At the very least, the majority's holding will seriously impact the practicalities of litigation strategy in future suits by investors against SROs for investment losses.   As the majority would have it, an aggrieved investor like Weissman need simply identify any action by an SRO that may be motivated by profit and allege that the action falls outside a narrowly defined set of regulatory activities.   By pleading these magic words, the investor can avoid a detailed analysis of whether the exchange is entitled to immunity for its action, and he may proceed with his litigation.   Discovery will of course reveal the true contours of the investor's claim, but the prospect of expensive discovery will likely pressure the SRO to settle regardless of the merit of the complaint.

The majority's narrow construction of what may be considered “regulatory” ignores the broad scope of immunity that is intended under the Exchange Act.   Moreover, it thwarts the public policy of the immunity doctrine by ultimately requiring more suits against SROs to proceed into litigation.   For example, there may be any number of situations in which advertising by an SRO might be consistent with its regulatory duties;  I would argue that the case at hand so qualifies.   Under the majority's holding, however, an SRO must think twice before speaking to the public, lest its advertisements be construed categorically as profit-seeking and thus non-regulatory, regardless of their actual nature.   This necessarily limits the SRO's ability to exercise the broad regulatory discretion delegated to it.   Of course, there may also be instances in which an advertisement crosses the line into purely commercial, non-regulatory activity.   Claims based on the non-regulatory aspect of such an advertisement would properly avoid an SRO's immunity.   I simply believe that a more searching inquiry than that undertaken by the majority is required to make that distinction.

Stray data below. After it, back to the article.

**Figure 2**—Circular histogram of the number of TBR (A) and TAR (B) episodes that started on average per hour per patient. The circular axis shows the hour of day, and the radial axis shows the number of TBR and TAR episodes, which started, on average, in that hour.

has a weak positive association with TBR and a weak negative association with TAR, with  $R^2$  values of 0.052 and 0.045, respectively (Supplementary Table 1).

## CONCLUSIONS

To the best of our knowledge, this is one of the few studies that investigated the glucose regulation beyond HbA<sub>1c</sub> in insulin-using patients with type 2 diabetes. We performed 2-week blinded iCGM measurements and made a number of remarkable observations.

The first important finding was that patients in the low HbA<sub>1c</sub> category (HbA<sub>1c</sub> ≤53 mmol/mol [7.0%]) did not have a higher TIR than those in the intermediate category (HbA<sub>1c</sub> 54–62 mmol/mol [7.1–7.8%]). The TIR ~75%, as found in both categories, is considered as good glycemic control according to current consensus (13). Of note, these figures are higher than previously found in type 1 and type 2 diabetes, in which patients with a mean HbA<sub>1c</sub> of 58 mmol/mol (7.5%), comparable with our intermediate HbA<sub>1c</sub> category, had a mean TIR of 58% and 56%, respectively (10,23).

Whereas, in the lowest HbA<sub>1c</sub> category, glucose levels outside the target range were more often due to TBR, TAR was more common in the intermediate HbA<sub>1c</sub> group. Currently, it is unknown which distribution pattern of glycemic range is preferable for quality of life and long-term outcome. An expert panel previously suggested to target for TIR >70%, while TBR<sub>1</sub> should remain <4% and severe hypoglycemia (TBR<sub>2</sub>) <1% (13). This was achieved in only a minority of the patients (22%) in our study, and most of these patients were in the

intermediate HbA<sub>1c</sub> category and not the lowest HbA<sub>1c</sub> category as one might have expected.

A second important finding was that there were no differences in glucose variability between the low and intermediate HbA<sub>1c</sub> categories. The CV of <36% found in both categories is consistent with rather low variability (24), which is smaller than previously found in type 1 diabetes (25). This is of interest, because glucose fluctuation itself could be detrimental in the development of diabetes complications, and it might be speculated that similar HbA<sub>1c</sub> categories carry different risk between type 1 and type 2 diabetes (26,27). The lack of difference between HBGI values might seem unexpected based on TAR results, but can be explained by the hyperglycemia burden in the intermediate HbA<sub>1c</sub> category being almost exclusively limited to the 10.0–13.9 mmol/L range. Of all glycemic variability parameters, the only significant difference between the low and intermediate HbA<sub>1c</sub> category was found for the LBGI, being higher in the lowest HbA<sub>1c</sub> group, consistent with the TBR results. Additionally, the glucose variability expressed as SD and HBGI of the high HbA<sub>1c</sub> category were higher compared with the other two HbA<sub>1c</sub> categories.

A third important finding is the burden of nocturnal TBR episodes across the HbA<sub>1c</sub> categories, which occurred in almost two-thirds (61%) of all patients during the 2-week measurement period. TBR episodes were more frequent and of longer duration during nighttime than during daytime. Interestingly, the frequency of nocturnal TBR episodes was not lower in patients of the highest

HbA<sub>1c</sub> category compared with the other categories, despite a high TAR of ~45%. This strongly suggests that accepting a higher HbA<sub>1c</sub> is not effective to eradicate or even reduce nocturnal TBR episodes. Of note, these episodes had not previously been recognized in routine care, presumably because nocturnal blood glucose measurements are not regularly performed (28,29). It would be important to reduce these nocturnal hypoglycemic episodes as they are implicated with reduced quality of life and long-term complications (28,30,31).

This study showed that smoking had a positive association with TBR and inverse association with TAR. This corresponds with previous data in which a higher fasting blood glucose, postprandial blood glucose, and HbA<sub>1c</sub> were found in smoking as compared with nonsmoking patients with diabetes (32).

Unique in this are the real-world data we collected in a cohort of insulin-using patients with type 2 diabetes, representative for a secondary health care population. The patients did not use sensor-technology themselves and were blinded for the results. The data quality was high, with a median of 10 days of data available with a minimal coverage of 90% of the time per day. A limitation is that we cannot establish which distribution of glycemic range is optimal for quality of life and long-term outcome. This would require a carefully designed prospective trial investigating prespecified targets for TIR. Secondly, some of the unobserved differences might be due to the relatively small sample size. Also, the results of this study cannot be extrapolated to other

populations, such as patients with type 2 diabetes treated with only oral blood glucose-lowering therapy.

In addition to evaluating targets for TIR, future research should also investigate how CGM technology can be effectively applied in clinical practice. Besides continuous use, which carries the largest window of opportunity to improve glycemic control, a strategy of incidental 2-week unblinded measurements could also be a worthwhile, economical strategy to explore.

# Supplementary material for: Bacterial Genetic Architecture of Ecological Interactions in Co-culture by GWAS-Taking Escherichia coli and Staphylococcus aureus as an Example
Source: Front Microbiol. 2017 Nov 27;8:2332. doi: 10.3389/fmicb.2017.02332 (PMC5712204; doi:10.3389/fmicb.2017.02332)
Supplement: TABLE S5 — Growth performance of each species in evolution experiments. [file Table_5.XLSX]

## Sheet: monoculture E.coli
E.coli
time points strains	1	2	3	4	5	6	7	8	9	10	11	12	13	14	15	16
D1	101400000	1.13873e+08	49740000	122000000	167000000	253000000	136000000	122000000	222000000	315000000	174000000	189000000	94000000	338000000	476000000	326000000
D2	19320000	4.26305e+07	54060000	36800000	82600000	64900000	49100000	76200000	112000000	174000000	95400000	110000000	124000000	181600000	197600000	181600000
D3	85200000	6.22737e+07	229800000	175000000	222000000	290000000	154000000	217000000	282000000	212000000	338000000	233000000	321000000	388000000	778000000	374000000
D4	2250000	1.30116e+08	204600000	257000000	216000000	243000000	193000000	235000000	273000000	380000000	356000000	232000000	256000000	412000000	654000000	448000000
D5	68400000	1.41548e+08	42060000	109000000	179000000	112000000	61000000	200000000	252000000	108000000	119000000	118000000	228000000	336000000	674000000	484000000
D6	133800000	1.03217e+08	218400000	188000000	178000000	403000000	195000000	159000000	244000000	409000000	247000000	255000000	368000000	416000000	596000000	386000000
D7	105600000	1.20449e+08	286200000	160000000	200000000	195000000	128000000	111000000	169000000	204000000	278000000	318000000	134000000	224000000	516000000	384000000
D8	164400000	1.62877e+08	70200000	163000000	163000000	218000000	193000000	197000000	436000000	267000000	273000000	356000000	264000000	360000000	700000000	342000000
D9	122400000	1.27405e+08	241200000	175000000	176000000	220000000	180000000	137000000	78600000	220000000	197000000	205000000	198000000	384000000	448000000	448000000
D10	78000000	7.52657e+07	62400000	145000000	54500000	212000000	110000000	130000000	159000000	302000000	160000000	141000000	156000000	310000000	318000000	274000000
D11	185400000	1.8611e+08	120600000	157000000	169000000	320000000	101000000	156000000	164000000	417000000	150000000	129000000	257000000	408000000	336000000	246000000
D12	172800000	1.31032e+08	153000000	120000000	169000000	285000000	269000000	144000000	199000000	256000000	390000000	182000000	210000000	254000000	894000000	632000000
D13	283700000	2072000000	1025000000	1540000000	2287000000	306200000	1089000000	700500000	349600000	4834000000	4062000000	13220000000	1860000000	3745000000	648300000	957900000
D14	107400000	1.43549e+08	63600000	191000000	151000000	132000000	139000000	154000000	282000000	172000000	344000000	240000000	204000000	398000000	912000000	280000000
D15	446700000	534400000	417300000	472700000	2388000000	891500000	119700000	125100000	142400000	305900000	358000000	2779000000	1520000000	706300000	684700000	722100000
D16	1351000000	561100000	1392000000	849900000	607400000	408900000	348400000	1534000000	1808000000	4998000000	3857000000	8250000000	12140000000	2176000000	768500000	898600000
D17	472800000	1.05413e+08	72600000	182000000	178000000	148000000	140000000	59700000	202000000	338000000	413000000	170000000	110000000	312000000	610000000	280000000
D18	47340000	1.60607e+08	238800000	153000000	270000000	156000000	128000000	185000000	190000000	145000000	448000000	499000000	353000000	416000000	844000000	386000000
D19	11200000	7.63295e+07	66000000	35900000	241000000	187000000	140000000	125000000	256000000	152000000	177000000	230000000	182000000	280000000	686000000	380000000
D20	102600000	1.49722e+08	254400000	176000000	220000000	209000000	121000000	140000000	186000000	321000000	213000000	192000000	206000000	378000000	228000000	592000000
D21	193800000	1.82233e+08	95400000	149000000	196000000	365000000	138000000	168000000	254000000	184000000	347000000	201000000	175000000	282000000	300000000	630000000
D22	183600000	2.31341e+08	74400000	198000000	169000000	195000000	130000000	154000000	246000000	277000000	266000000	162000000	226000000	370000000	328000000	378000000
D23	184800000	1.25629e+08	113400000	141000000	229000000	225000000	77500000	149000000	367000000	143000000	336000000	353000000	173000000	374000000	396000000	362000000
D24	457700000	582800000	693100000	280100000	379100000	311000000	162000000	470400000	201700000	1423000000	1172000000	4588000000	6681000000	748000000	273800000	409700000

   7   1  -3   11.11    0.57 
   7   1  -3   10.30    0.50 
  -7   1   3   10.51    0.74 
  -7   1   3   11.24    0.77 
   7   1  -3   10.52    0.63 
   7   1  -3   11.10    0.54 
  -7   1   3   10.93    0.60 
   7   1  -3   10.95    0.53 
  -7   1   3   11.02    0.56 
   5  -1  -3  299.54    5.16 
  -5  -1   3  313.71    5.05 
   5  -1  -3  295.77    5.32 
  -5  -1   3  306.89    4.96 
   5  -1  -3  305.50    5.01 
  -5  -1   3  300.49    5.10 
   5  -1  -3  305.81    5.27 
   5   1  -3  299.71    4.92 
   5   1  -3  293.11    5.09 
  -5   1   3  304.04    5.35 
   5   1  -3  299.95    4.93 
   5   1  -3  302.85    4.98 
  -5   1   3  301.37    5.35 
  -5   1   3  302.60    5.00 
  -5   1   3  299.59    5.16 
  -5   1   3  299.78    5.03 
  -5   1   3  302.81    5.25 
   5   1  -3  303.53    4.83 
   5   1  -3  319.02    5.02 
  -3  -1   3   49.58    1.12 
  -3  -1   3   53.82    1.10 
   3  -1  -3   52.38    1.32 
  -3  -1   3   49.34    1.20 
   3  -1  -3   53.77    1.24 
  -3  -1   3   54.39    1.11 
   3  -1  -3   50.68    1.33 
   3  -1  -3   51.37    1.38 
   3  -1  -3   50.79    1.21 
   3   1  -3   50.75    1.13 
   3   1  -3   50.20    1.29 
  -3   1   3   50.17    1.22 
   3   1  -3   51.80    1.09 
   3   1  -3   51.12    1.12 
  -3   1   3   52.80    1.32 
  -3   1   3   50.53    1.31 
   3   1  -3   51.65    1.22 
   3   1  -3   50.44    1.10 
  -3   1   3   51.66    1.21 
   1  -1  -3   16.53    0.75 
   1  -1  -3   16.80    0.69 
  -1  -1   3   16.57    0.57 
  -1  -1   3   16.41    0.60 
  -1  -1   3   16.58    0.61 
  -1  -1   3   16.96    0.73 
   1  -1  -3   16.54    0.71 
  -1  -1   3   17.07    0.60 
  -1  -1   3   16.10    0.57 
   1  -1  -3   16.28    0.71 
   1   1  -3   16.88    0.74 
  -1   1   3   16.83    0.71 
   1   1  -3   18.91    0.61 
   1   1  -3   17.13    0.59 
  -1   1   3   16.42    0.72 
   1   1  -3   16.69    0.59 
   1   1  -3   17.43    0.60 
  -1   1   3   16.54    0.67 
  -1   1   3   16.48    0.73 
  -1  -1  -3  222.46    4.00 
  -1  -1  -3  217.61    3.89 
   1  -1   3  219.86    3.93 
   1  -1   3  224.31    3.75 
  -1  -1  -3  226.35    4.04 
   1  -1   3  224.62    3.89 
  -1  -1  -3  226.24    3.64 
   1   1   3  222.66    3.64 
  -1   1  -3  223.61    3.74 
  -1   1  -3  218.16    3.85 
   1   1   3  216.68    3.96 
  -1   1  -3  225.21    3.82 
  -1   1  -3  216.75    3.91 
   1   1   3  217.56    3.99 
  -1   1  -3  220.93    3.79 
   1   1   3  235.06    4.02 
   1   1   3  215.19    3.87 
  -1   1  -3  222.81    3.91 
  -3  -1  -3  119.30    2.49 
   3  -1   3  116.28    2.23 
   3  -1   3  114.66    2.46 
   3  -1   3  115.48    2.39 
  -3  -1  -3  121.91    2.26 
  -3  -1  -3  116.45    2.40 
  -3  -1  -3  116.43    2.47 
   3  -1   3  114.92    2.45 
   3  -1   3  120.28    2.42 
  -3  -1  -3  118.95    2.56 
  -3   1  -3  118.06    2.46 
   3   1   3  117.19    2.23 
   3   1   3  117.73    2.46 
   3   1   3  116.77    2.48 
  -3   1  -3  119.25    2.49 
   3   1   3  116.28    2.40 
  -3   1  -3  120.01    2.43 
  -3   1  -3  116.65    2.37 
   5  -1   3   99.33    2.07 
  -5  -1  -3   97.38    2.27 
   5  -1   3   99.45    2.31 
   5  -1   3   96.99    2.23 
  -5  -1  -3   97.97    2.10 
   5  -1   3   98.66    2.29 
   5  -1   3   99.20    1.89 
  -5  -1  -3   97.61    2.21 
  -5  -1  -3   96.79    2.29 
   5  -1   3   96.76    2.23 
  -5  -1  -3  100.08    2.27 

The majority's result cannot be consistent with the regulatory framework established pursuant to the Exchange Act and approved under the supervision of the SEC.   Accordingly, I dissent from the portion of the majority opinion affirming the order of the district court.


1.   Weissman's motion to dismiss this appeal for lack of jurisdiction was granted in part by prior order dated October 13, 2004.   Specifically, this Court dismissed the appeal to the extent it sought review of the district court's determination that Weissman adequately pled his state law claims and exhausted his administrative remedies.   We denied Weissman's motion as to Appellants' immunity claims, over which we have jurisdiction.   We noted that our jurisdiction extends to the district court's discovery order;  if Appellants' immunity claim is meritorious, they will necessarily be insulated from pre-trial discovery.

2.   Appellants' arguments focus on the allegations in Weissman's first complaint, which is obviously not the one relevant to this appeal.   While we may take notice of Weissman's prior pleading to the extent it bears on this appeal, see Paul v. Dade County, 419 F.2d 10, 12 (5th Cir.1969), it is the allegations in the operative complaint that must support Appellants' claim of absolute immunity if that claim is to prevail.

3.   The complaint frequently refers to NASDAQ as the “The For Profit.”   For the sake of clarity and consistency, when citing the complaint, this opinion will in each instance render “The For Profit” as NASDAQ.